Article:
The rotary encoders on the front panel feel on the cheaper side, but are detented and provide a tactile click when pressed. On some scopes, pushing in the vertical scale knobs will switch between fine and coarse adjustment, but on this scope, you’ll need to go into the channel menu to change it.
We really liked that each vertical channel has its own position and scale knobs. Some scopes, especially with more than two channels, use just one knob for each, and use the last channel selected to guess which channel to modify.
Some of the UI is a little slow, but it’s more than usable and to be expected for an oscilloscope at this price point. The internal processor sometimes struggles to keep up with the data. Although it wasn’t annoying, sometimes it took a bit of time for the scope to rescale the input signal when changing vertical or horizontal scales.
There are also a few other cool features that make this scope outshine its entry-level status. It’s possible to enable a digital voltmeter and frequency counter on both channels, which is super handy for monitoring the voltage of a signal without adding separate sets of probes with a dedicated multimeter.
This scope also comes with an inbuilt waveform generator which is surprisingly capable. For those new to the world of electronics equipment, a waveform generator can generate a custom signal with parameters set by the user. For example, if a 4V square wave centred around -1V was desired, it can be generated on the waveform generator output.
It also has a variety of arbitrary waveforms that can be modified via the included software. While we didn’t experiment with using the software, it’s capable of generating all sorts of custom mathematical functions.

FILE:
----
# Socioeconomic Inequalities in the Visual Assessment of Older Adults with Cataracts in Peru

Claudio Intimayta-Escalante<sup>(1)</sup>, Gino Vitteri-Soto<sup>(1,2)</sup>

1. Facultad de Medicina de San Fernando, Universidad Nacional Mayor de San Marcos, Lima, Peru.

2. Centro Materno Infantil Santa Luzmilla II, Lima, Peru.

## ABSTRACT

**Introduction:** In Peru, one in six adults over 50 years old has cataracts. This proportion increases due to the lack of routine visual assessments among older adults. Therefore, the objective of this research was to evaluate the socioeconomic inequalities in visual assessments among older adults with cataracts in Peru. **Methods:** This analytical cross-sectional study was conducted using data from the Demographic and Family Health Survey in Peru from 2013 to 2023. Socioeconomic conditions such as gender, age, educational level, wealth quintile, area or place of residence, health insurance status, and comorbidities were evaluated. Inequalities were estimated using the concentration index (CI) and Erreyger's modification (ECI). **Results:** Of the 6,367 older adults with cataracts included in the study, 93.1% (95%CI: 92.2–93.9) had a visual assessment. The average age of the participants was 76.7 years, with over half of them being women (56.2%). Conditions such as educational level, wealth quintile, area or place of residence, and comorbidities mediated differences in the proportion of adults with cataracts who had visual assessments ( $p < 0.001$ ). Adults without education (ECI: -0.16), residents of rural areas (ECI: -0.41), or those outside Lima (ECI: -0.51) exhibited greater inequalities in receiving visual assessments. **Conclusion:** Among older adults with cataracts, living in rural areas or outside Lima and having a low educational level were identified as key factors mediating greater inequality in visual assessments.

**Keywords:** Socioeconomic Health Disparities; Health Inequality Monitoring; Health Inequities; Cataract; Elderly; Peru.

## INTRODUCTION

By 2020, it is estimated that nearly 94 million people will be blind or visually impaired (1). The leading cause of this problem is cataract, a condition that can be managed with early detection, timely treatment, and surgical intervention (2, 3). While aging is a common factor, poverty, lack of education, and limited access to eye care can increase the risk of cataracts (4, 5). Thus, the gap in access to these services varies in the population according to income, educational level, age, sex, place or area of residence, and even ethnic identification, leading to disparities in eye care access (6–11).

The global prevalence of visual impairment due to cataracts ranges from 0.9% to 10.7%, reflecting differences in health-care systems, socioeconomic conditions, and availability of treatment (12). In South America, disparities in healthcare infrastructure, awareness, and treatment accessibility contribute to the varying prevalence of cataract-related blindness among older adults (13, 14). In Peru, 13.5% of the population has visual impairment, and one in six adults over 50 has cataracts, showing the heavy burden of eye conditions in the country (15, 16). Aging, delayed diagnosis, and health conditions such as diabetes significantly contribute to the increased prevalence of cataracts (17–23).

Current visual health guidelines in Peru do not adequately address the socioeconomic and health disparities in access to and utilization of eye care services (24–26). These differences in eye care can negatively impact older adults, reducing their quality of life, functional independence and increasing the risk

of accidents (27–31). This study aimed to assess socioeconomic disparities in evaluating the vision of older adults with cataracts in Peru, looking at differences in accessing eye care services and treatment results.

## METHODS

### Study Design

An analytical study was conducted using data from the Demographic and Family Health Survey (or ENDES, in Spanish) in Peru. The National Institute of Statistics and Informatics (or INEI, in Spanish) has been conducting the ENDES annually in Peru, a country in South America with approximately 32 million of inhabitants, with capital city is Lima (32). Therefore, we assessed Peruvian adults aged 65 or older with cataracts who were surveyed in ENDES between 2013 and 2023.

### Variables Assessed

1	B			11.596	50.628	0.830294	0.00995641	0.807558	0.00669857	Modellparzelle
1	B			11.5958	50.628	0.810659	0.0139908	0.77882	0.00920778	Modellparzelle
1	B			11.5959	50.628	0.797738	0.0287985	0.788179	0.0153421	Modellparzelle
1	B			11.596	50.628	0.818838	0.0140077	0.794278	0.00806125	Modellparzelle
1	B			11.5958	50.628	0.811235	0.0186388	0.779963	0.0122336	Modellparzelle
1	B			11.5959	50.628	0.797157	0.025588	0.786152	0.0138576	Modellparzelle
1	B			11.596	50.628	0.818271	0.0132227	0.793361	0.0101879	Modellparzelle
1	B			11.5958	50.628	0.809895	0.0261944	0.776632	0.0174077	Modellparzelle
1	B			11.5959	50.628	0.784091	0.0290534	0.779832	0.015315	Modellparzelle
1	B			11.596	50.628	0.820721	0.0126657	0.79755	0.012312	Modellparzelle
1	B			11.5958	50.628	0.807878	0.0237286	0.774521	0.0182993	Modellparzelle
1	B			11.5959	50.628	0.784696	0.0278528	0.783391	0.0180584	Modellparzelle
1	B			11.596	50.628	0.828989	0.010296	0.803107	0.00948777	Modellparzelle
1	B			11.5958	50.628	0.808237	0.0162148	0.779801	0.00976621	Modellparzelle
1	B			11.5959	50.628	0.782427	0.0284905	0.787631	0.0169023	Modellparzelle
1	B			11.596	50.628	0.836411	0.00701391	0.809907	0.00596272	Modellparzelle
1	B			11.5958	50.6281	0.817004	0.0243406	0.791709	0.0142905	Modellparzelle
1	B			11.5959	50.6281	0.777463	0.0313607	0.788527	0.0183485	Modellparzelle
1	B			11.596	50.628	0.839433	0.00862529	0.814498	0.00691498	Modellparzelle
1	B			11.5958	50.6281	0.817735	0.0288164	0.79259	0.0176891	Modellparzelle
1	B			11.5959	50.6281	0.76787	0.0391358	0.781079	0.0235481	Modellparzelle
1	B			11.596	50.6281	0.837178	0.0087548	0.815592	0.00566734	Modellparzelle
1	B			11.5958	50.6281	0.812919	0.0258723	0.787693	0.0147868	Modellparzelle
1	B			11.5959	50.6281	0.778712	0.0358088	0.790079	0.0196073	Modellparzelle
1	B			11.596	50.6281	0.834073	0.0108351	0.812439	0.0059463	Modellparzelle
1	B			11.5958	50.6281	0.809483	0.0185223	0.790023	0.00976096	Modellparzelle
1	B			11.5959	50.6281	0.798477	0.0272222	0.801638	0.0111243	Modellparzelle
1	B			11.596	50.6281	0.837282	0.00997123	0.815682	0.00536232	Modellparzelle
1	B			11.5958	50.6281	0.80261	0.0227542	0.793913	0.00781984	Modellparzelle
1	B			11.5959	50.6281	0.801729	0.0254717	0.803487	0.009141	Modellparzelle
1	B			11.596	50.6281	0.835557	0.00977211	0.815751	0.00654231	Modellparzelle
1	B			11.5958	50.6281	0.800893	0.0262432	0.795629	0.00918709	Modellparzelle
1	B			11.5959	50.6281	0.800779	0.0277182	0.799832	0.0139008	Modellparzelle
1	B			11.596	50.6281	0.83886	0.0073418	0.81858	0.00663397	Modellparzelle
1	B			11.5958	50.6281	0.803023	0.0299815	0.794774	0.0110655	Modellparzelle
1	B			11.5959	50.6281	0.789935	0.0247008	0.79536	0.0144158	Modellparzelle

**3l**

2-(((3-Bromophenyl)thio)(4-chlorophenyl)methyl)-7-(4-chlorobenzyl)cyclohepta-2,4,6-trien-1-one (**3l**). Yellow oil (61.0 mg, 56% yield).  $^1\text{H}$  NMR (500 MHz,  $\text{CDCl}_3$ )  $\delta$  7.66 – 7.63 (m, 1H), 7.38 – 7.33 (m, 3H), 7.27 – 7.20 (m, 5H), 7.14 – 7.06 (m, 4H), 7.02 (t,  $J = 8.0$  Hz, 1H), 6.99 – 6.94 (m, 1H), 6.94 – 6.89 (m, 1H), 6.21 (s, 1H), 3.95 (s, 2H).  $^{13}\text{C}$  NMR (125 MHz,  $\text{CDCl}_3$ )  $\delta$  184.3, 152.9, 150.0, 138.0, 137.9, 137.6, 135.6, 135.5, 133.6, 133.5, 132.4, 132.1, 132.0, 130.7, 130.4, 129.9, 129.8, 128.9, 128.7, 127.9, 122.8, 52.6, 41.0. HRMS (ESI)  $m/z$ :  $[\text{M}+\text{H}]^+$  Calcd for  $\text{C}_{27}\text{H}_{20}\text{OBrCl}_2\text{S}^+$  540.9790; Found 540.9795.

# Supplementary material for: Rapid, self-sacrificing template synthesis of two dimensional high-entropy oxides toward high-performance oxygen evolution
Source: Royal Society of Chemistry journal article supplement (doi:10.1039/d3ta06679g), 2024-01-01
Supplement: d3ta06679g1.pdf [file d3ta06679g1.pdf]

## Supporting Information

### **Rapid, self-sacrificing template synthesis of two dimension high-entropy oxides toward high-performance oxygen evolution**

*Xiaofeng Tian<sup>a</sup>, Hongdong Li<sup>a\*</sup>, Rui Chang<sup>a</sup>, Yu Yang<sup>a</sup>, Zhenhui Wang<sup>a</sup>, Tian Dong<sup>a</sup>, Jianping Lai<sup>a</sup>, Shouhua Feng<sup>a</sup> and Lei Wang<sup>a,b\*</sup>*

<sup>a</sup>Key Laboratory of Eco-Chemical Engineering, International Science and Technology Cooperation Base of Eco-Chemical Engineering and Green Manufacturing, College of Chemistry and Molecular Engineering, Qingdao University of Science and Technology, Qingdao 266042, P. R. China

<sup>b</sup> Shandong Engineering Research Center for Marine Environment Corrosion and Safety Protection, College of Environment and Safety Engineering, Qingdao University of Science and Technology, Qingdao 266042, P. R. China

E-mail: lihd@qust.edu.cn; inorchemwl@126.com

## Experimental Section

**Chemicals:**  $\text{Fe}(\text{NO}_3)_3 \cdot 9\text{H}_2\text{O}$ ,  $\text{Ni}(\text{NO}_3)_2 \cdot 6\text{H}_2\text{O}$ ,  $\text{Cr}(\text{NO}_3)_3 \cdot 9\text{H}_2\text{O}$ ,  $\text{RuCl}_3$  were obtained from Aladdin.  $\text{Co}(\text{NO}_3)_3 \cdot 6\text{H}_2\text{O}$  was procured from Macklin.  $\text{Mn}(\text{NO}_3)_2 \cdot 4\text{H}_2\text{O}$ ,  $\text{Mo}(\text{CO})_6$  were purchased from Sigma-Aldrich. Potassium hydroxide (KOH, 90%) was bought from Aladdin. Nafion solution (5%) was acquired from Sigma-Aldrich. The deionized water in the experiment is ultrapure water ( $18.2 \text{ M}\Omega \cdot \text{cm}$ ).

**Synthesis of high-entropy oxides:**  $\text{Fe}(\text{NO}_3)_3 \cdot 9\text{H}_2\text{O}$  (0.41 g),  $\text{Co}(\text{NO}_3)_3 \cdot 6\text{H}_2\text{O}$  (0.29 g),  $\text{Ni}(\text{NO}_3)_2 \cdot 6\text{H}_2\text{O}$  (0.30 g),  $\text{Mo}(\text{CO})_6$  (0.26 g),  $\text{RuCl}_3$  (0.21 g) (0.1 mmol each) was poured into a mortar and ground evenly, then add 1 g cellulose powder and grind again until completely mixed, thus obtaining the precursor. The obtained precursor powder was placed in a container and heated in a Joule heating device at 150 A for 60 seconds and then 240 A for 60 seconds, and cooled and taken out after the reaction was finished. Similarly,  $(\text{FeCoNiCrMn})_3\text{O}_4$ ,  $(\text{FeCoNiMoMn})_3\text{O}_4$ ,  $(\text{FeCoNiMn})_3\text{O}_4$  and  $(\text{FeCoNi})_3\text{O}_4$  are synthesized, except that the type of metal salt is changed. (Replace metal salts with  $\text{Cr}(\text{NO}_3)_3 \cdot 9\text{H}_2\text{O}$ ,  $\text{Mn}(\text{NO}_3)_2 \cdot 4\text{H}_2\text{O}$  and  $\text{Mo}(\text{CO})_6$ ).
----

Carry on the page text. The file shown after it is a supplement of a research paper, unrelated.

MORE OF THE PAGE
It can also generate AM and FM modulated waves, and output a trigger signal if you wish to run other circuits while your oscilloscope is capturing data.
The burst mode has a dedicated button on the front panel, which outputs a predetermined number of waves from the function generator output. This would be really handy if you want to test voltage transients or spikes and need to analyse how your circuit responds to it.
There are a few points of criticism about this new oscilloscope that could be thrown around, however, we think it’s important to think about the price point that the scope sits at. It’s very competitive in terms of features, and its unique, low-cost position is something that many will find interesting.
The Rigol DS1054Z, a very popular entry-level oscilloscope option for many enthusiasts, is priced noticeably higher than this scope, but with features such as increased memory depth (12M) and four channels. Scopes like this are the QC1938’s nearest competitor, and we think it stacks up quite well considering its price point.
There are, of course, literally hundreds of features available in the higher-end oscilloscopes from Keysight, Agilent and so forth. When it comes to more advanced applications such as protocol decoding and math functions, sure, a decent scope is useful. However, even on our fancy scopes here in the office, 95% of the time we’re only using basic features.
We often use oscilloscopes as basic voltmeters when it comes to multi-channel measurement, so having a plethora of features isn’t always necessary. So, a better question is to ask - are some extra high-end features worth a premium price point?
That’s precisely why we were happy with the QC1938, as it offers everything a competitive scope should have (and more). Doing any Arduino work with this scope will be a breeze, and the vast majority of makers won’t run into its minor limitations interfacing with most electronics projects we feature in DIYODE.
We’re pleased with the quality of the QC1938 and would recommend it to any beginner looking for a
one-size-fits-all oscilloscope. It’s clearly designed as an entry-level scope, but its features impressed us and they would feel right at home in a much more expensive scope. Overall, it’s a very capable unit that improves on various features of its predecessor and sprinkles in a few extra for good measure!
The 100MHz Digital Oscilloscope with 8M Memory Depth is available from Jaycar
- 100MHz Digital Oscilloscope QC1938